Dealing with Debt: Speech to the Auckland Employers and Manufacturers Association, 6 August 2012

By Bollard, Alan; Reddell, Michael | The Reserve Bank of New Zealand Bulletin, September 2012 | Go to article overview

Dealing with Debt: Speech to the Auckland Employers and Manufacturers Association, 6 August 2012


Bollard, Alan, Reddell, Michael, The Reserve Bank of New Zealand Bulletin


Introduction

Households, firms, and governments across much of the advanced world have taken on very large amounts of debt in the last couple of decades. In New Zealand, for example, the private sector owes three times what it did in 1998. People and governments are now living with the aftermath; dealing with the debt. Many individual lives will have been irreversibly changed. Even at an aggregate economy level, it looks as though we could be dealing with the aftermath for quite some time yet.

This speech offers some perspectives on what the accumulation of debt means for people, and for our economies. Inevitably some of the material will have quite a provisional flavour: how things will play out remains uncertain, and is being intensely debated by academic researchers and policymakers alike. It matters to us all.

Some context

Debt is not new. In his recent book, Debt: The First 5000 Years, the American sociologist David Graeber demonstrates the central role that credit has played in economic and social life stretching back millennia. But some things are newer: for example, the scale and pervasiveness of the public and private debt, the scale of cross-border gross and net debt, and the central role that highly leveraged financial institutions and wholesale financial markets play in making that debt possible. And what is particularly striking in the last few decades has been the rate at which debt has increased (relative to income).

If debt is not new, neither is it a bad thing. Debt gives borrowers and savers alike additional options. The ability to lend and borrow is an important part of what enables us to enjoy the sort of life we do. To see the point, one has only to try to imagine a world without debt-a world in which entrepreneurs could not borrow to develop fast-growing firms, and where home ownership was restricted to the rich and the over-50s (who had saved the full price of a house).

At a national level, the ability of one country's citizens to borrow from those of another country means that regions that need a lot of new capital to develop (think of the United States or New Zealand in the late 19th century) can borrow from those with a lot of savings (think of the late 19th century United Kingdom). That has huge benefits. Public debt can serve important purposes too. Historically, many of the biggest increases in public debt occurred during wars; debt allowed the huge fiscal costs to be spread across time. Other big increases in public debt were used to fund the expansion of public infrastructure. More mundanely, the ability to borrow enables governments to buffer some of the macroeconomic effects of downturns.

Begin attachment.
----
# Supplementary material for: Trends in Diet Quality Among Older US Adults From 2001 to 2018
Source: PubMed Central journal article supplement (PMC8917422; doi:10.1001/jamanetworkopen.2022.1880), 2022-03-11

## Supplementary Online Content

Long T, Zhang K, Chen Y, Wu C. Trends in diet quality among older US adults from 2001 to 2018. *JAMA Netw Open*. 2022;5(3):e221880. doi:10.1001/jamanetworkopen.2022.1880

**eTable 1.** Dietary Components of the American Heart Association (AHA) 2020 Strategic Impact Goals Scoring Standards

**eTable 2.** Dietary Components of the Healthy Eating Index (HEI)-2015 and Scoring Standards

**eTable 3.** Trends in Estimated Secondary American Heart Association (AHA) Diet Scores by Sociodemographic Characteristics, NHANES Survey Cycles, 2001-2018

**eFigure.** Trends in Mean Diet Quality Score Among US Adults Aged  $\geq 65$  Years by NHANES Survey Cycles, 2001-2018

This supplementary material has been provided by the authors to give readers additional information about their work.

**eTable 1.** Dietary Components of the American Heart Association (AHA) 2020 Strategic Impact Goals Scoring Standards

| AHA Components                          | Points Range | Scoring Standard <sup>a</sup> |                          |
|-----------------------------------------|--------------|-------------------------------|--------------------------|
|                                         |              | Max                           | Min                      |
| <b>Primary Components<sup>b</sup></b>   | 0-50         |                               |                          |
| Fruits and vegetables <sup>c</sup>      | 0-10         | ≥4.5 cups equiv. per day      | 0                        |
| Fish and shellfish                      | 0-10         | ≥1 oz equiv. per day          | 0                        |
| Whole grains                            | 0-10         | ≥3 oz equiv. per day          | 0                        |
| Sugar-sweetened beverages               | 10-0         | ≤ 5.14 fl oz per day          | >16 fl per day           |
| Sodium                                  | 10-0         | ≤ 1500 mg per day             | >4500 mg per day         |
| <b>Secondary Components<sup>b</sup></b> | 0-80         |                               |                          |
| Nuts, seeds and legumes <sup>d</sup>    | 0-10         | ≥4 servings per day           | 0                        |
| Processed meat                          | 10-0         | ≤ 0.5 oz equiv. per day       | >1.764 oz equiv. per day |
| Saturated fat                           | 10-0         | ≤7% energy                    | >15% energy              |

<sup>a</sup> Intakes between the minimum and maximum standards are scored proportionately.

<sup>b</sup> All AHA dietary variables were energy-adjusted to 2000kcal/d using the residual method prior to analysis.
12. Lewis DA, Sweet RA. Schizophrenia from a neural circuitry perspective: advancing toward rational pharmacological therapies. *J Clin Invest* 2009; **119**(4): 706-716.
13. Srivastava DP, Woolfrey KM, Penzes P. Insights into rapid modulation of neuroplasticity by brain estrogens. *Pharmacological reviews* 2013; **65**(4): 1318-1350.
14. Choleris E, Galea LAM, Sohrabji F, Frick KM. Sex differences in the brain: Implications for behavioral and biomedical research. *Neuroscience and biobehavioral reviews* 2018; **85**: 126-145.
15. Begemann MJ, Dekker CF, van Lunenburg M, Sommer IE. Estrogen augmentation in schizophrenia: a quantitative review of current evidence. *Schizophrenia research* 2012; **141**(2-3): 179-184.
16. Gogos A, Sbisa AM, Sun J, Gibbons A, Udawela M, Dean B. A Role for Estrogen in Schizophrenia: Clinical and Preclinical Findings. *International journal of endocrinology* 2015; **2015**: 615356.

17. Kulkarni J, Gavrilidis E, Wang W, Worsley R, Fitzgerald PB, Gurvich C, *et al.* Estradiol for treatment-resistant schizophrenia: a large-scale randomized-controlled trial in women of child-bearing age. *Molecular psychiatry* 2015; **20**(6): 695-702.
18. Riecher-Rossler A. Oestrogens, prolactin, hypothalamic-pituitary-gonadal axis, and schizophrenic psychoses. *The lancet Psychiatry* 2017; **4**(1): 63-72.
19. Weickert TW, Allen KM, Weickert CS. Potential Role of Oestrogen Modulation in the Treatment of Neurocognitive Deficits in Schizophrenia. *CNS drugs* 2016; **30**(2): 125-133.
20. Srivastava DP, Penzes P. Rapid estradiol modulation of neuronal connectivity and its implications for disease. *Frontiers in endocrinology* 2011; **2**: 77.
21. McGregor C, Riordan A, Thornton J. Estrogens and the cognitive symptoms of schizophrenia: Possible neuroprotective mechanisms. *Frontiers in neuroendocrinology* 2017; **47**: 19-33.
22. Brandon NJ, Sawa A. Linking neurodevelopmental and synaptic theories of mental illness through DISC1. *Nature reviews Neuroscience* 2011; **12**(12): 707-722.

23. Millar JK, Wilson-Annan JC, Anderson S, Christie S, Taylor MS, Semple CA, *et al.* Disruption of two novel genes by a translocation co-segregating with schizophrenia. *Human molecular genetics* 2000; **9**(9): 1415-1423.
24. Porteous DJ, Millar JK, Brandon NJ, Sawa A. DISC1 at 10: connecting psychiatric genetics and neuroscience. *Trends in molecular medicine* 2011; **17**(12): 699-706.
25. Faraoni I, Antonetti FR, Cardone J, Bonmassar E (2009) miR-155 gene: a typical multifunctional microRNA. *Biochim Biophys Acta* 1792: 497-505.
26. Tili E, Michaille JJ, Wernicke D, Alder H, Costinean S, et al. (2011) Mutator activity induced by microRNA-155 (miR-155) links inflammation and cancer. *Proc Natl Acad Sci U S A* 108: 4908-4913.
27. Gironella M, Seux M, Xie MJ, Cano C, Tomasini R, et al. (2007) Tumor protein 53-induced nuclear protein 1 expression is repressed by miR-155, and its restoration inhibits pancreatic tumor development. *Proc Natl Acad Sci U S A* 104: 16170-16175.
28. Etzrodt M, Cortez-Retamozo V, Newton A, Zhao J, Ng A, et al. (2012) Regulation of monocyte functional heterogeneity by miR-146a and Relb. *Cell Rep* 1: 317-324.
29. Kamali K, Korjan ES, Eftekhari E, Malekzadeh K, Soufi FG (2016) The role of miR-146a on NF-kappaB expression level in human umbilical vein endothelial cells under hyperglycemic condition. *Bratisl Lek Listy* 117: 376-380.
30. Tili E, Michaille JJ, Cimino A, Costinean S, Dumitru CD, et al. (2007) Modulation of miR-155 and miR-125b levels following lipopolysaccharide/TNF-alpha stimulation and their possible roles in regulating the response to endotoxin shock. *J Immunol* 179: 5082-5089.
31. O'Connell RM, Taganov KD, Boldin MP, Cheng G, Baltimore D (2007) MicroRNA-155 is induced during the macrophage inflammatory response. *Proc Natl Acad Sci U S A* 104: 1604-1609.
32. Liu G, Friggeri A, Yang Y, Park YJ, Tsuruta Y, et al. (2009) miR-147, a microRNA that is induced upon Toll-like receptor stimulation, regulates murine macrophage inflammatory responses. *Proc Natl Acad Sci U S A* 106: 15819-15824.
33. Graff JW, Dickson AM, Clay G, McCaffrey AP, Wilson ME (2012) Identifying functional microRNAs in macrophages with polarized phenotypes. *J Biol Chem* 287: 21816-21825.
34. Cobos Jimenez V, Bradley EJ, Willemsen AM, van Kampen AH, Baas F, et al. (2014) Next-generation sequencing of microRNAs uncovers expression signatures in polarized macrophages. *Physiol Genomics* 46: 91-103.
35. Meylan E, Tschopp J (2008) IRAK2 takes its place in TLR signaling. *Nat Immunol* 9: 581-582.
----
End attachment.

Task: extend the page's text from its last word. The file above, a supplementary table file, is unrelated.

High debt and big swings in public and private debt have featured prominently in New Zealand's modern economic history:

* Central government debt was over 100 percent of GDP for 70 years from the 1870s (and in excess of 200 per cent of GDP at peak). In 1972 net government debt was as low as 6 percent of GDP, but was back to 50 per cent by 1992 (Figure 1).

* Private debt data are not as readily available, but total mortgage debt-houses and farms-is estimated to have been around 140 percent of GDP at the end of the 1920s. It is a little lower than that now, but as recently as 1990 the stock of mortgages was equal to only around 35 percent of GDP (figure 2).

* Our net international investment position (the net amount of debt and equity raised from foreign lenders and investors) has gone through similarly wide fluctuations. We were very heavily dependent on international capital prior to World War II, but the net amount outstanding abroad dropped to perhaps as low as 5 percent of GDP in the early 1970s. Over the 1970s and 1980s, the net reliance on foreign savings increased substantially, settling at levels that are high by international standards and seem uncomfortable (figure 3).

[FIGURE 1 OMITTED]

[FIGURE 2 OMITTED]

[FIGURE 3 OMITTED]

Over the last couple of decades the main New Zealand story has been about the substantial increase in private debt; taken on by farmers, non-farm businesses, and households alike. …

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